After a decade of research on graphene and 2D materials, a new semiconductor material, known as Indium Selenide (InSe), was found to exhibit the potential for prospective super-fast electronics.
Similar to graphene, InSe is only a few atoms thick. The researchers from the University of Manchester and their collaborators from the University of Nottingham have reported the study in Nature Nanotechnology.
As graphene is only one atom thick and possesses unmatched electronic properties, it is widely suggested for use in future electronic circuits.
Graphene has no energy gap in spite of its superlative properties, and behaves very similar to a metal rather than a normal semiconductor, thereby limiting its usage in transistor-type applications.
The new study demonstrates that similar to graphene, InSe crystals can be made a few atoms thick. InSe was shown to possess electronic properties higher than that of silicon, which finds widespread usage in modern electronics.
Essentially, the large energy gap of ultra-thin InSe (which is similar to silicon but unlike graphene) allow transistors to switch on/off, thus enabling the fabrication of super-fast next-generation electronic devices.
When graphene is combined with other new materials, which individually possess excellent properties that are complementary to the exceptional characteristics of graphene, the outcomes are exciting scientific developments that can lead to applications that are beyond our imagination.
Ultra-thin InSe seems to offer the golden middle between silicon and graphene. Similar to graphene, InSe offers a naturally thin body, allowing scaling to the true nanometre dimensions. Similar to silicon, InSe is a very good semiconductor.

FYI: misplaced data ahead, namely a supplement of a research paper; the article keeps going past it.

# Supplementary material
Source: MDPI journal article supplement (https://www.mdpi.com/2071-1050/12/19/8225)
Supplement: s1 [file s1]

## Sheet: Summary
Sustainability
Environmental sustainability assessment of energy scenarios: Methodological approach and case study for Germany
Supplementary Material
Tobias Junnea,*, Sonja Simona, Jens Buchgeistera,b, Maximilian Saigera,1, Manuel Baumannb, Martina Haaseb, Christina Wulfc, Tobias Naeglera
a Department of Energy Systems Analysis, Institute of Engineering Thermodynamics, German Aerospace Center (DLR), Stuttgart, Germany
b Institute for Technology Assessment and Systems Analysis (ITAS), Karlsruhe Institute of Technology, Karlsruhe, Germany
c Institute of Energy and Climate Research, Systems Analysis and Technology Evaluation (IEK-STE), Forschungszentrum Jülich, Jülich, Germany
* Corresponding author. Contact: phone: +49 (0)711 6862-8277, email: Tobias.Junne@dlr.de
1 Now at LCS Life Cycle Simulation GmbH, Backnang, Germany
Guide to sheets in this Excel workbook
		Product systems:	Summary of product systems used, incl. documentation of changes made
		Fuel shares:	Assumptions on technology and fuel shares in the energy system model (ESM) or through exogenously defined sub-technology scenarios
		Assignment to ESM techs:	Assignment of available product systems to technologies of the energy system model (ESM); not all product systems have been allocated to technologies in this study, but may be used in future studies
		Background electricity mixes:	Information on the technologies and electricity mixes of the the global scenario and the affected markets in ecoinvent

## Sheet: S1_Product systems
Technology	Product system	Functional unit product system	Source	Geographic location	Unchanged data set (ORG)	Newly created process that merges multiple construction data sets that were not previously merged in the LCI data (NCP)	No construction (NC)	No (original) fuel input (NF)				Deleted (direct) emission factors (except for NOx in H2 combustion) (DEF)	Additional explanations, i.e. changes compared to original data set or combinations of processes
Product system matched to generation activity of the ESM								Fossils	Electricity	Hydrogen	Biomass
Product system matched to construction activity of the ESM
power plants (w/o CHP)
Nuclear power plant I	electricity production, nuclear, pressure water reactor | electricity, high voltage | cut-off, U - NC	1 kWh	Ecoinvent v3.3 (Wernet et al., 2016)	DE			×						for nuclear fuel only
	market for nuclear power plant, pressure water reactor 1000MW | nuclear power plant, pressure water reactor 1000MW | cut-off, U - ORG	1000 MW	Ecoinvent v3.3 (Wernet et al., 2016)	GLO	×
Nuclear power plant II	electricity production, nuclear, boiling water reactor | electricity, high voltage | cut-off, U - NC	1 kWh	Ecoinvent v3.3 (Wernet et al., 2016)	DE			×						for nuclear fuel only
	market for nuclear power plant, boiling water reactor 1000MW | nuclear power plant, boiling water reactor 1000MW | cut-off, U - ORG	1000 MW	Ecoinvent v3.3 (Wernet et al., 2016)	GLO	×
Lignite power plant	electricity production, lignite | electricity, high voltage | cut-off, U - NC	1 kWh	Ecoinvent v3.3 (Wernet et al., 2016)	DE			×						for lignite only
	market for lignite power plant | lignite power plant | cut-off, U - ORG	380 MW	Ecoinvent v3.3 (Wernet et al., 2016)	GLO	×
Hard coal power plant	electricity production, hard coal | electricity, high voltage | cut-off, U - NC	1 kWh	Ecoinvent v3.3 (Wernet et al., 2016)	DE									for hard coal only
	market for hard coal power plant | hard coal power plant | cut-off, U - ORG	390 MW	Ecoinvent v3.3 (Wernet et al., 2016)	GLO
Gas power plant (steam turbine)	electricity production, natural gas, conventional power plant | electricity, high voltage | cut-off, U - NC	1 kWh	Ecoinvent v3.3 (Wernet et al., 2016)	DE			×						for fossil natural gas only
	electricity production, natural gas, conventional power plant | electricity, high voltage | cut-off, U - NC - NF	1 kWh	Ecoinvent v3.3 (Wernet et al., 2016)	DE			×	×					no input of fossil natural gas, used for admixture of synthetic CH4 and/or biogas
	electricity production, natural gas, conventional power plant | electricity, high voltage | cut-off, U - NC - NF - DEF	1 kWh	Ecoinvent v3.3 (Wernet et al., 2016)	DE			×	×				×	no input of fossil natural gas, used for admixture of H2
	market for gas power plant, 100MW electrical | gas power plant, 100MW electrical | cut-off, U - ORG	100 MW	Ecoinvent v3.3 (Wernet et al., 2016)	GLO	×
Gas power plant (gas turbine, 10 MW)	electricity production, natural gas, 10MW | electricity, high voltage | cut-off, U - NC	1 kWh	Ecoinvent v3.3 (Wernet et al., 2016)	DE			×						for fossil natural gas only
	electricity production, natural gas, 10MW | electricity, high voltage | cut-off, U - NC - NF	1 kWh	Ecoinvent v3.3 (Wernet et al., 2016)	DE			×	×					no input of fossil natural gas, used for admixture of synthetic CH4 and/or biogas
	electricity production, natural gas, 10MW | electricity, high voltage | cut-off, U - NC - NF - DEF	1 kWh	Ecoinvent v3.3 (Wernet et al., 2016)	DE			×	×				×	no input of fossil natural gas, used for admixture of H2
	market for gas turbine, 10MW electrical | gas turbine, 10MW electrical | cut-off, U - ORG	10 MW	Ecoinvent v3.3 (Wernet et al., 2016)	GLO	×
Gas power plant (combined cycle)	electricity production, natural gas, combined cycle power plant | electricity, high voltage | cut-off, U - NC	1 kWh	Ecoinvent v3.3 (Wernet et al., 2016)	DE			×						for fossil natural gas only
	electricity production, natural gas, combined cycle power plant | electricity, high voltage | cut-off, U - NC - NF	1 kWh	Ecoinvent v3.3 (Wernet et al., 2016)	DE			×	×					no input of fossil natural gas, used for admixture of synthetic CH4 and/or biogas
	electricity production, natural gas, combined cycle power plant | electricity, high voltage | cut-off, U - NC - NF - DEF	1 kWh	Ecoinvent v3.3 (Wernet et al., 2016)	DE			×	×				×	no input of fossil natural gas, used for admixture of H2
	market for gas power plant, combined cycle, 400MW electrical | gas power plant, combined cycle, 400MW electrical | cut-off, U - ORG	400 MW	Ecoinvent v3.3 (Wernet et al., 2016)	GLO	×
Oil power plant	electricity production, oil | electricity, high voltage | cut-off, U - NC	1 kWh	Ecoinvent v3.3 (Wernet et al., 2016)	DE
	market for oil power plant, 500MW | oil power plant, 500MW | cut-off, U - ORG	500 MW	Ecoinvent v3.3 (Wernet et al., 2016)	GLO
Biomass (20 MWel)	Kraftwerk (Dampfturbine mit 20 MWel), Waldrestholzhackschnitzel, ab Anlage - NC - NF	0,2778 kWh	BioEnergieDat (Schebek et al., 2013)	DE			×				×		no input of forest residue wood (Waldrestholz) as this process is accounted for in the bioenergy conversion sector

Sir Andre Geim, author of the study
Sir Andre Geim, who is a recipient of the Nobel Prize in Physics for research on graphene and one of the authors of this research, presumes that the new discovery could have a remarkable effect on the development of future electronics.
Researchers at the University of Manchester had to resolve one major challenge to develop high-quality InSe devices. As InSe is very thin, it can be quickly damaged by moisture and oxygen in the atmosphere. To prevent that damage, the InSe devices were fabricated in an argon atmosphere by employing new techniques developed at the National Graphene Institute.
For the first time, this enabled the development of atomically-thin high-quality InSe films. The electron mobility of the films was found to be 2000cm2/Vs at room temperature, which is considerably greater than that of silicon. At lower temperatures, this value increases multiple times.
Present experiments developed the material with the size of several micrometers, similar to the cross-section of a human hair. The researchers presume that the prevalent methods used for producing large-area graphene sheets can soon be employed to produce InSe as well, at a commercial level.
The technology that the NGI has developed for separating atomic layers of materials into high-quality two-dimensional crystals offers great opportunities to create new material systems for optoelectronics applications. We are constantly looking for new layered materials to try.
Professor Vladimir Falko, co-author of the paper and director of the National Graphene Institute
Ultra-thin InSe is one of an ever-expanding family of 2D crystals that possess a wide range of useful properties based on their chemical composition, thickness, and structure.
At present, research on graphene and other related 2D materials is the rapidly expanding field of materials science that connects engineering and science.